Leesa Gazi On ‘Hellfire’: Once A Woman Realises What It’s Like To Feel Free, She Can’t Willingly Go Back

Sharanya Hrishikesh
·2-min read
Leesa Gazi, who is also an actor, scriptwriter and filmmaker, runs an arts company called Komola Collective with three other female artists.
Leesa Gazi, who is also an actor, scriptwriter and filmmaker, runs an arts company called Komola Collective with three other female artists.

Leesa Gazi’s Hellfire, translated from Bengali by Shabnam Nadiya, is set over one eventful day when Lovely is allowed by her mother to visit a nearby market alone on her birthday. The twist, however, is that Lovely is not a child who needs adult supervision, but a 40-year-old woman.

“Only Allah ta’ala Himself knew how this impossible had become possible today,” Lovely tells us.

The day goes into unexpected, chilling directions for Lovely and her family, especially mother Farida Khanam and sister Beauty, as Gazi’s compact novel unveils the insidious horrors of patriarchy in a seemingly close-knit family in Bangladesh.

From Hobby To Handrail To Resistance: My Life In Reading

The Bengali novel Rourob, Gazi’s debut, was published in 2010, and Nadiya’s new translation, out from Westland’s Eka imprint, is fluid and compelling.

In an email interview with HuffPost India, Gazi said that “the urgency of living under lockdown during the pandemic makes us empathise with the experiences of the characters of Rourob.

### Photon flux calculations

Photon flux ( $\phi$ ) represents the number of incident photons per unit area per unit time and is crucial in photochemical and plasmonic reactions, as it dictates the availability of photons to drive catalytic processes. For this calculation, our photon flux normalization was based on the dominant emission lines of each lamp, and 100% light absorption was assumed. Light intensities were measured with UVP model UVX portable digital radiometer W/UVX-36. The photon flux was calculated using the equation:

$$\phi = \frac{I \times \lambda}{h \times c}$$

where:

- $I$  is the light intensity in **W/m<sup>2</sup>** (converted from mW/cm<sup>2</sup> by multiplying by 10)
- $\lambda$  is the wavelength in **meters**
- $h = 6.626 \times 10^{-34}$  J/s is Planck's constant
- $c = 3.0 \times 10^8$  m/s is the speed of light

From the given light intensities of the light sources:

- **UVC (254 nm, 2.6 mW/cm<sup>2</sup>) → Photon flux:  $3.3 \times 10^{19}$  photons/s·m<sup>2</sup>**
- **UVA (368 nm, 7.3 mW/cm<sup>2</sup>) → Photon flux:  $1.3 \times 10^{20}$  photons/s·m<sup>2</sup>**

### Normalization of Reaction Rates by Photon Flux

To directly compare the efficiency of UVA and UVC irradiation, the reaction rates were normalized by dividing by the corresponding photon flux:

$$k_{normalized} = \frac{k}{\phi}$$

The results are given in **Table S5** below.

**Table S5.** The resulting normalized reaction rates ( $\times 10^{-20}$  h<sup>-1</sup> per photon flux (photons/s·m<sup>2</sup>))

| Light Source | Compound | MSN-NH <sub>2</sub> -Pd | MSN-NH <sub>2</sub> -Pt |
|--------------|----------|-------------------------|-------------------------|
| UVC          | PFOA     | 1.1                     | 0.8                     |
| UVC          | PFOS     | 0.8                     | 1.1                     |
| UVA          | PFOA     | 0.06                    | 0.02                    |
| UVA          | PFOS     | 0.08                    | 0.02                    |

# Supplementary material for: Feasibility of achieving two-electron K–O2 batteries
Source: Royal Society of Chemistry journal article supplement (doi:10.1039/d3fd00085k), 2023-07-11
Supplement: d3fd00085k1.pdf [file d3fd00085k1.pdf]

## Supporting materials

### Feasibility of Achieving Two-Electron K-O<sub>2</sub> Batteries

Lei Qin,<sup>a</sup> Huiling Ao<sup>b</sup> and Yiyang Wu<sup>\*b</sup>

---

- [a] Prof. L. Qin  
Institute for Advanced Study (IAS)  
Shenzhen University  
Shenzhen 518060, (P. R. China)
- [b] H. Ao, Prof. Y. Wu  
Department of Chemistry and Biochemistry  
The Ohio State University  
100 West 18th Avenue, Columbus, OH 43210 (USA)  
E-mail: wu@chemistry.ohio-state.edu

UK-based Gazi, who is also an actor, scriptwriter and filmmaker, runs an arts company called Komola Collective with three other female artists. Her documentary film Rising Silence, based on the lives of women who suffered brutal sexual violence in the 1971 Bangladesh Liberation War, has won several awards.

On the inspiration behing Rourob, Gazi said that there is a “collective effort” to keep women within four walls and make them feel ashamed of their own dreams.

“When a woman growing up in that environment realises for the first time what it’s like to feel free, what it’s like to take control of her own life then something fundamentally changes from deep within, something happens to that woman. That woman can never willingly go back to a place where she cannot feel free, cannot act freely, cannot think freely any more,” said Gazi.

In the interview, she also spoke about why the male characters in Hellfire don’t have much agency, the...

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